In Wednesday's debate, he seized on the issue of immigration with a proposal to rewrite federal law in a way that would decriminalize illegal border crossings. Castro, the only Latino in the race, drove his point home by attacking his fellow Texan in the presidential race, former congressman Beto O'Rourke.
O'Rourke says the law has to allow for prosecution of drug dealers and human traffickers, but Castro retorted, "I think that you should do your homework on this issue." The moment received widespread notice, and on Thursday, Castro found himself in an unusual place: the object of a flood of media requests. He had seven interviews scheduled, all but one of which were booked after Wednesday night. His campaign said it had seen a "four-digit percentage spike" in fundraising on Wednesday night. Castro said it was "safe to say ... we probably had our best fundraising night of the campaign."
"I had a great night," Castro said Thursday. "I came into the debate, and a lot of people hadn't heard about me. I think I surprised a lot of people." As potentially beneficial as the dust-up was for Castro, it could damage O'Rourke — even though he and Castro have long been close. The former housing chief and his twin brother, U.S. Rep. Joaquin Castro, attended O'Rourke's election party in El Paso last November, when O'Rourke came surprisingly close to unseating Republican Sen. Ted Cruz.
O'Rourke, whose immigration proposal is narrower and focuses specifically on immigrants seeking asylum, responded Thursday that Castro "got his facts wrong." "I think we want to get to the same place, and I think Secretary Castro may not understand that our proposal calls for every family, every person who is seeking refuge or asylum ... to be welcomed," O'Rourke said during a visit to a facility housing immigrant children near Miami. "The big picture is not what two people said on the debate stage. The big picture is what is happening here and that we need to make sure we do everything as a country ... to free those kids."
Amid two dozen Democratic candidates, Castro, who is typically soft spoken and understated, has struggled, both in terms of his standing in polls and in fundraising. The test for him going forward is whether Wednesday's performance will be ephemeral or enduring.
"We're going to hit the gas in the early states and in my home state of Texas, and I'm confident I'm going to keep getting stronger and stronger," said Castro, who is also the former mayor of San Antonio.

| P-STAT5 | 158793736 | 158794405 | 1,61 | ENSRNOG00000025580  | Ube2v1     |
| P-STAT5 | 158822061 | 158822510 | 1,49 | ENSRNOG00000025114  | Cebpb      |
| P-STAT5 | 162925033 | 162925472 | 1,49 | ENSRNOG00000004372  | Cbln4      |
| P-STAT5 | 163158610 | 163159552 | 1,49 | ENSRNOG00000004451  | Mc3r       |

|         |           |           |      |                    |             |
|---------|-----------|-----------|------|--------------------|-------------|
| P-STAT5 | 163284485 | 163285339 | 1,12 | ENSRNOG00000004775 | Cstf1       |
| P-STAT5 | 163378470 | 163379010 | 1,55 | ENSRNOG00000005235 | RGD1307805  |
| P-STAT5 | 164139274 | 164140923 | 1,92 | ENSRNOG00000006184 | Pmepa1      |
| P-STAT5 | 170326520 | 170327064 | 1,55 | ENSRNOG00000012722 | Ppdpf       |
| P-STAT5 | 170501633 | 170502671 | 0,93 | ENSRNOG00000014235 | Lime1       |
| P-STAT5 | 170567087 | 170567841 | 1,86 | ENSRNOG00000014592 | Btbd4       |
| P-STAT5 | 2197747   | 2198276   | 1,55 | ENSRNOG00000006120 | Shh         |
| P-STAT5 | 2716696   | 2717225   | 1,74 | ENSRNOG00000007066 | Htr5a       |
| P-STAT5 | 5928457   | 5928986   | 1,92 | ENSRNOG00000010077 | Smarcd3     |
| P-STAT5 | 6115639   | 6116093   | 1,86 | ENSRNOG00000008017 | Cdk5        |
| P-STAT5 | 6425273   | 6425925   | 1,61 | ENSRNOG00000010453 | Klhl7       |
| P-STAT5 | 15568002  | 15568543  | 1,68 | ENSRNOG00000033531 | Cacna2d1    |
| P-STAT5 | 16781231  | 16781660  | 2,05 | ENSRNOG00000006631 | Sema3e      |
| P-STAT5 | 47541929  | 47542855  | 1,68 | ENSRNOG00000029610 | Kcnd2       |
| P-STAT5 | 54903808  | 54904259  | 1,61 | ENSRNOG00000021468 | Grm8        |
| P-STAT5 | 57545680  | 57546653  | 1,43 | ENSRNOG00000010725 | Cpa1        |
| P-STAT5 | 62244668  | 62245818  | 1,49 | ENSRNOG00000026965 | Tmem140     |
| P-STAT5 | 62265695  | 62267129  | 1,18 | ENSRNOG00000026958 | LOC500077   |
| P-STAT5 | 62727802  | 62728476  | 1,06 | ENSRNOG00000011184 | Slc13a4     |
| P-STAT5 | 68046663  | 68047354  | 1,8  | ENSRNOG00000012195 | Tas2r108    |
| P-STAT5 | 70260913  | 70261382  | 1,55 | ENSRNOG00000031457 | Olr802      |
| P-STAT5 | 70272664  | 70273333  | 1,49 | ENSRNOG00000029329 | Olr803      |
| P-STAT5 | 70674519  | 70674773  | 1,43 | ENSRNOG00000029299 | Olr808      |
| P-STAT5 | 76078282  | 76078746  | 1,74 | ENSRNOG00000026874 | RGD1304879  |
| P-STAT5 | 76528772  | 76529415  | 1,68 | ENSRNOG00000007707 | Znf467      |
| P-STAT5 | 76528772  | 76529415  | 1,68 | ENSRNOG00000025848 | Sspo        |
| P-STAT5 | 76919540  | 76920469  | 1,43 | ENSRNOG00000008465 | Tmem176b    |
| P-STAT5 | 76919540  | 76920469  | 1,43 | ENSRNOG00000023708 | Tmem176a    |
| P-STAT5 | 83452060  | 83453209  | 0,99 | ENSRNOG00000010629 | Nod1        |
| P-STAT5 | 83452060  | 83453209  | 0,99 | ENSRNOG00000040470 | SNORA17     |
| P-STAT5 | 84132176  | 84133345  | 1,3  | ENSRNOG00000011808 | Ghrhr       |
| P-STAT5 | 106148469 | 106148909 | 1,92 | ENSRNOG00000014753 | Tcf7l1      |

He will start this weekend in Texas, where O'Rourke has had a much broader base of support. Castro's aides say his debate performance should provide needed momentum. He will then head back to the states that are holding early primaries and caucuses, including Iowa, where he said he plans to spend eight or nine days this month.
Castro and O'Rourke are both scheduled to hold events on Friday in the Texas capital of Austin, with Castro attending an evening Democratic Party fundraiser. Party spokesman Abhi Rahman says O'Rourke wasn't invited— not because the party didn't want him or wanted to avoid having both Democratic presidential hopefuls in the same room, but because organizers simply didn't know O'Rourke would be in town.
"It came out of the blue," Rahman said when asked about the event O'Rourke had scheduled nearby that's set to start one hour before Castro's. "At the end of the day, it will be good for both of them."
The party said it has standing requests with all Democratic presidential candidates to hold fundraisers on its behalf — and looks forward to possibly working with O'Rourke on one later. In a news release announcing its event, meanwhile, the O'Rourke campaign pointed to a recent Texas poll showing the former congressman with a commanding lead over Castro in the state.
The debate allowed Democrats to draw contrasts with President Donald Trump on his signature issue of a stricter and punitive immigration policy. The issue took on added urgency after reports last week of unsanitary and dangerous living conditions at immigrant child detention centers and the publication by The Associated Press of a graphic photo showing a father and toddler daughter who died trying to cross the border.
The friction with O'Rourke, Castro said, was not meant to be personal. "I like him," Castro said. "We have a policy disagreement here." Still, Castro says he has a better shot of winning Texas than O'Rourke.
"If I'm the nominee ... we will see unprecedented gains in the Latino vote, that it'll go through the roof and that will have positive consequences for the Democratic Party like we've never seen before," he said.
Weissert reported from Washington. Associated Press writer Brian Slodysko in Homestead, Fla., contributed to this report.